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Next-Generation Mass Spectrometry of Exotic Isotopes and Isomers


Karthein,  Jonas
Division Prof. Dr. Klaus Blaum, MPI for Nuclear Physics, Max Planck Society;

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Karthein, J. (2020). Next-Generation Mass Spectrometry of Exotic Isotopes and Isomers. PhD Thesis, Ruprecht-Karls-Universität, Heidelberg.

Cite as: https://hdl.handle.net/21.11116/0000-0006-6C51-6
This cumulative dissertation comprises ISOLTRAP's transition from the well-established
Penning-trap mass spectrometry (PTMS) technique, ToF-ICR, to the next-generation
PTMS technique, called PI-ICR. First, the highest precision ever achieved at
the ISOLTRAP experiment using ToF-ICR allowed for a reduction of the QEC-value uncertainty
of the 21Na → 21Ne and 23Mg → 23Na electron-capture decays by a factor of five
compared to their literature values. Within these findings, the most precise ℱt-values
and, in the case of 21Na → 21Ne, a new Vud-element value of the CKM quark-mixing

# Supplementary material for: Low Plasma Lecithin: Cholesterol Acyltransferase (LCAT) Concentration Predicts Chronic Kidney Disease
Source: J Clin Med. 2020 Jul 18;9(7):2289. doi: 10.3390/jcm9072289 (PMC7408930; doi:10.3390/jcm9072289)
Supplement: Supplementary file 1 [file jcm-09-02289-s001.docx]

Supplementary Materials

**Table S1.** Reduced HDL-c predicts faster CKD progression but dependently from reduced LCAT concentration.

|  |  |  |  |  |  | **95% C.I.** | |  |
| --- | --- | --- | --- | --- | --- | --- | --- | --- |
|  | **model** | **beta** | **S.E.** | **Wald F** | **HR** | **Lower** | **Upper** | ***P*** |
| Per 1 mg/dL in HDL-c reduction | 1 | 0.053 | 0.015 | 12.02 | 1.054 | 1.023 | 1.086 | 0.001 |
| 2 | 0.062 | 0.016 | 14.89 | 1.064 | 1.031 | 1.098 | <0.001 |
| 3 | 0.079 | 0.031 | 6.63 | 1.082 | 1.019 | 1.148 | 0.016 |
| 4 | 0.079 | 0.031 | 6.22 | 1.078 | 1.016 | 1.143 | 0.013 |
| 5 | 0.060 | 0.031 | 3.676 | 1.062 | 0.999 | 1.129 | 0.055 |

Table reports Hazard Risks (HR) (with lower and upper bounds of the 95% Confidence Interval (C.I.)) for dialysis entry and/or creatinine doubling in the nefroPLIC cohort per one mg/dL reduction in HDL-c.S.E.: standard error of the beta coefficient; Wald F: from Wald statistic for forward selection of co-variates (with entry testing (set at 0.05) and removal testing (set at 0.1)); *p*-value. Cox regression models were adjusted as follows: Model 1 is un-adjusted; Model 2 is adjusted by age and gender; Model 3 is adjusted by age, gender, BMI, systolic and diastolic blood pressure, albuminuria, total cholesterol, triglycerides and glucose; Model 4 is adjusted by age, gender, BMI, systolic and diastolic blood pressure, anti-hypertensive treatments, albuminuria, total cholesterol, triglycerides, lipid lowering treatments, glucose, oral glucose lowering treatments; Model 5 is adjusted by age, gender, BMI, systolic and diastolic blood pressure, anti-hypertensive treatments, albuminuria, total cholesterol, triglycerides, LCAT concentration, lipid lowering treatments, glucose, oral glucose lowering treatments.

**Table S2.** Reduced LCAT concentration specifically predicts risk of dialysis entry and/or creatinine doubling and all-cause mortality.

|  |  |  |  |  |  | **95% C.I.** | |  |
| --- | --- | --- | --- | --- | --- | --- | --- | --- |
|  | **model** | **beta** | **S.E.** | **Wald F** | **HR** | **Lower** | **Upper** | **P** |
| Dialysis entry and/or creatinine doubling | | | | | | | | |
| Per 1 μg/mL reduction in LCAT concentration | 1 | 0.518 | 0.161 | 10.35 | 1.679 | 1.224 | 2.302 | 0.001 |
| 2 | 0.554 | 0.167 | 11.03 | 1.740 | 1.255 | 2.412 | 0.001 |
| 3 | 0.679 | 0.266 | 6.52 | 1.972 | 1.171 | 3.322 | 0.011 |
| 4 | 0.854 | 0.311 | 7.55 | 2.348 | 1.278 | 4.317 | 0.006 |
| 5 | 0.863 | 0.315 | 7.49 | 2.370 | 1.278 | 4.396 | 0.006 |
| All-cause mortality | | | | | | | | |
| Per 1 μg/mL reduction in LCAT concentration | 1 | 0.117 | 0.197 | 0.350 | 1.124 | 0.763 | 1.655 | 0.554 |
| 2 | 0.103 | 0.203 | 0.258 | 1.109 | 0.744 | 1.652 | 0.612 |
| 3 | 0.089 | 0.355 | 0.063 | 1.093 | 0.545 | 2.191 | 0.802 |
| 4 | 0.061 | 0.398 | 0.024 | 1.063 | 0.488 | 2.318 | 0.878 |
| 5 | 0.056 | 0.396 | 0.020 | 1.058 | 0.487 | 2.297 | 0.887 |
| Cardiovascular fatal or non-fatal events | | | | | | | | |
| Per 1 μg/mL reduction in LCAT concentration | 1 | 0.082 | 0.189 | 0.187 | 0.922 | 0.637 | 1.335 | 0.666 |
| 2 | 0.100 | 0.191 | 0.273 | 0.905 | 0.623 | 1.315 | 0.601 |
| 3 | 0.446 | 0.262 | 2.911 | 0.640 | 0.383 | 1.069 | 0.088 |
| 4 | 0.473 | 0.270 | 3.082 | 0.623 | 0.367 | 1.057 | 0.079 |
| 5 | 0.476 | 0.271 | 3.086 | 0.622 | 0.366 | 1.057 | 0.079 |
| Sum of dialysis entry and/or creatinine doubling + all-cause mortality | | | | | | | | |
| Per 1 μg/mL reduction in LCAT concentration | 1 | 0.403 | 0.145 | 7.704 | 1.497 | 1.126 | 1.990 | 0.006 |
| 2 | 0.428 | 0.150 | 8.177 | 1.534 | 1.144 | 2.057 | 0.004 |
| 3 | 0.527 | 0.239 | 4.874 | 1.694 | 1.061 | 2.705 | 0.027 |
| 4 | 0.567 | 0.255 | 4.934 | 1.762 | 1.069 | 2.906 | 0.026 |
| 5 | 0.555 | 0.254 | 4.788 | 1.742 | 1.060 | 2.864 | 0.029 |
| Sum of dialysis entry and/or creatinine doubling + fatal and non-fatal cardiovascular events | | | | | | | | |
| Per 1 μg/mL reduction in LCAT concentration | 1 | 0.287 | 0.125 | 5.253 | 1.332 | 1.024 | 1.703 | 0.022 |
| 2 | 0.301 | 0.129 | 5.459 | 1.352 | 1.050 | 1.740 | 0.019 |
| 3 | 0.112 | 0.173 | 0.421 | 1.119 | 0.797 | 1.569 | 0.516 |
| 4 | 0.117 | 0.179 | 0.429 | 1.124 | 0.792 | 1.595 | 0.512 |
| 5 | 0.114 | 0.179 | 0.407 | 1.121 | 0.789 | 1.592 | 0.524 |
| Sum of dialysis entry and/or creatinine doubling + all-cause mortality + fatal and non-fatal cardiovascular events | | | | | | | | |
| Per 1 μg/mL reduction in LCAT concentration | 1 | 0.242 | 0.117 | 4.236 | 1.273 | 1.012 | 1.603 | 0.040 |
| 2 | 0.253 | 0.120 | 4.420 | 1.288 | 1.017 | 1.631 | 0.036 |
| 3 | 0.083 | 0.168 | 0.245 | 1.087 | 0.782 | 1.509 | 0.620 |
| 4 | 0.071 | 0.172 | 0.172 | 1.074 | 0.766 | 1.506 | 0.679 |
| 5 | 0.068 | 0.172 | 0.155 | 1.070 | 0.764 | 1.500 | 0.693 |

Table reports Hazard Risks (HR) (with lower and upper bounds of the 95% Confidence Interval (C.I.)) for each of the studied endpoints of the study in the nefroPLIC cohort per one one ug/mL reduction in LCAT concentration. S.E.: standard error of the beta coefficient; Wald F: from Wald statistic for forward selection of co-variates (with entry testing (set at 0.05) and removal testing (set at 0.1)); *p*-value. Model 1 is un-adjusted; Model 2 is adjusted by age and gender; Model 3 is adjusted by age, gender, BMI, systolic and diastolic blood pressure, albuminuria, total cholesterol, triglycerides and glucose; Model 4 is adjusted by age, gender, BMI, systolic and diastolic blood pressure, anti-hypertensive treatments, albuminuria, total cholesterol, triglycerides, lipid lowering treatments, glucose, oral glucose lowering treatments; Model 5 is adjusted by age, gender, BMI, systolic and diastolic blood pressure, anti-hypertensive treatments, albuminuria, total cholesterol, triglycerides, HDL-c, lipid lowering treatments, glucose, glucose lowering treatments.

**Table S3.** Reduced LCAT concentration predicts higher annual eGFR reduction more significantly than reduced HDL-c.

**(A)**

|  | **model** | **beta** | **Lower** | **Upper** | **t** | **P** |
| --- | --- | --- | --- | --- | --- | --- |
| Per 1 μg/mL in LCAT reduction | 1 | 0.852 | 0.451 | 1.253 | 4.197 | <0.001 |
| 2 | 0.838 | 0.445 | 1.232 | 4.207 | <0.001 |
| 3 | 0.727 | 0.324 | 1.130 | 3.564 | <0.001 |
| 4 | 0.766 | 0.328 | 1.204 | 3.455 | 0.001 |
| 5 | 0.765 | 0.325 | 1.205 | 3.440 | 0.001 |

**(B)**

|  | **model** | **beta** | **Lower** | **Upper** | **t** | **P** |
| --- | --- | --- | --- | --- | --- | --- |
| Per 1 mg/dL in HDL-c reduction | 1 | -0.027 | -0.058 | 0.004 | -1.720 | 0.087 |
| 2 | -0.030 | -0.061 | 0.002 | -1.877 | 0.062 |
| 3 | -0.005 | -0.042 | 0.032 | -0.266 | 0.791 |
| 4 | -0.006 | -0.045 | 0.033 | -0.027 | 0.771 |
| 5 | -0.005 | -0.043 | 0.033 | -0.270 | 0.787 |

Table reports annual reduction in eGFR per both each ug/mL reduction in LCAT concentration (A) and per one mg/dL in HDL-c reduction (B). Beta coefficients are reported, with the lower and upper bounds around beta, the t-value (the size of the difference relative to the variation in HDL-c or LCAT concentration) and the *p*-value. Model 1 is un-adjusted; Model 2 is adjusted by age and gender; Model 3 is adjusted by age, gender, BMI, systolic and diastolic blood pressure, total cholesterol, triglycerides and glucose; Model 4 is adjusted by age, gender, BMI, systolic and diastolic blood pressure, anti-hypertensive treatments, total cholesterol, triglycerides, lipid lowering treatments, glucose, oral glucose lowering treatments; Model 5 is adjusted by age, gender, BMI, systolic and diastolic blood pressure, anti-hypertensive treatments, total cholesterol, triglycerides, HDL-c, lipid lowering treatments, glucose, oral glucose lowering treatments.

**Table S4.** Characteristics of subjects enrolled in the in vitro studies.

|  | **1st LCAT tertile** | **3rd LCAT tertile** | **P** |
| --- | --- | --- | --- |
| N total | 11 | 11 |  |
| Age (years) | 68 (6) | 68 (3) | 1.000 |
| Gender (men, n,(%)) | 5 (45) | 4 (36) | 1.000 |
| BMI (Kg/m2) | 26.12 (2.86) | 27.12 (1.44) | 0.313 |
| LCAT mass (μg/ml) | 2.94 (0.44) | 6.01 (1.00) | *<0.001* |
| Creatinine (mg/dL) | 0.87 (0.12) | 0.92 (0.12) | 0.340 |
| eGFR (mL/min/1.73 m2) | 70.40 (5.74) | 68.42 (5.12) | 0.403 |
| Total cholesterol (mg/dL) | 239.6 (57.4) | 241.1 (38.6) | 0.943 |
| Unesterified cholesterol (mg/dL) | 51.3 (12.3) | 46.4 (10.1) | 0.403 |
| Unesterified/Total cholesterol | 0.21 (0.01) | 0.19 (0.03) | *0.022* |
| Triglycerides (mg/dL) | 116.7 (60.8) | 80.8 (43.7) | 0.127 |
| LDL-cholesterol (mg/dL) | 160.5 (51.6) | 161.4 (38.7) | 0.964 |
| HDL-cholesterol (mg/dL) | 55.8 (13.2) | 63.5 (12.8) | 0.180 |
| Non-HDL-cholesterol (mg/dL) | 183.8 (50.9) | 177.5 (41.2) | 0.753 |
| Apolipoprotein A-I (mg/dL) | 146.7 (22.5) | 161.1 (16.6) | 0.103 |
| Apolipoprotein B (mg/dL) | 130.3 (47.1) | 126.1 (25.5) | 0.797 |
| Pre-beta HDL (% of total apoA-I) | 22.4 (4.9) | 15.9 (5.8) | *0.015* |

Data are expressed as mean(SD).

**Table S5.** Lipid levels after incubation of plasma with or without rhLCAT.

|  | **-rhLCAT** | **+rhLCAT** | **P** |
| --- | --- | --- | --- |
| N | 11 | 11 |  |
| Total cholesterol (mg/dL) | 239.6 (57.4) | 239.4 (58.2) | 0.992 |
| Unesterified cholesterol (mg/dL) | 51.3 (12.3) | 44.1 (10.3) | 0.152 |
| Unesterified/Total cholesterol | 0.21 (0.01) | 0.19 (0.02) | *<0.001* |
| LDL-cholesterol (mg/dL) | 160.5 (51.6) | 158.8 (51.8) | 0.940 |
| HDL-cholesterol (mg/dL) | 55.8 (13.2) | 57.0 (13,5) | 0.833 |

matrix were derived and found to agree with the standard model of particle physics.
Second, ISOLTRAP's first publication using PI-ICR demonstrated a supreme relative
mass precision of δm/m = 1.4×10-9 in only 4 hours experiment time. The result reduced
the uncertainty on the QEC-value of the 131Cs → 131Xe decay by a factor of 25 and
consequently precluded the decay as a possible candidate for a direct neutrino-mass
determination. Third, ultra-high mass resolving powers exceeding 106 using PI-ICR
allowed for the first spatial resolution of isomeric states in neutron-rich cadmium isotopes.
Thus, this publication presented the first experimental data describing the
N = 82 neutron-shell closure below the proton-magic Z = 50 while implying a drastic
weakening of the N = 82 shell. Furthermore, these measurements allowed for sophisticated
comparison with state-of-the-art nuclear-theoretical models.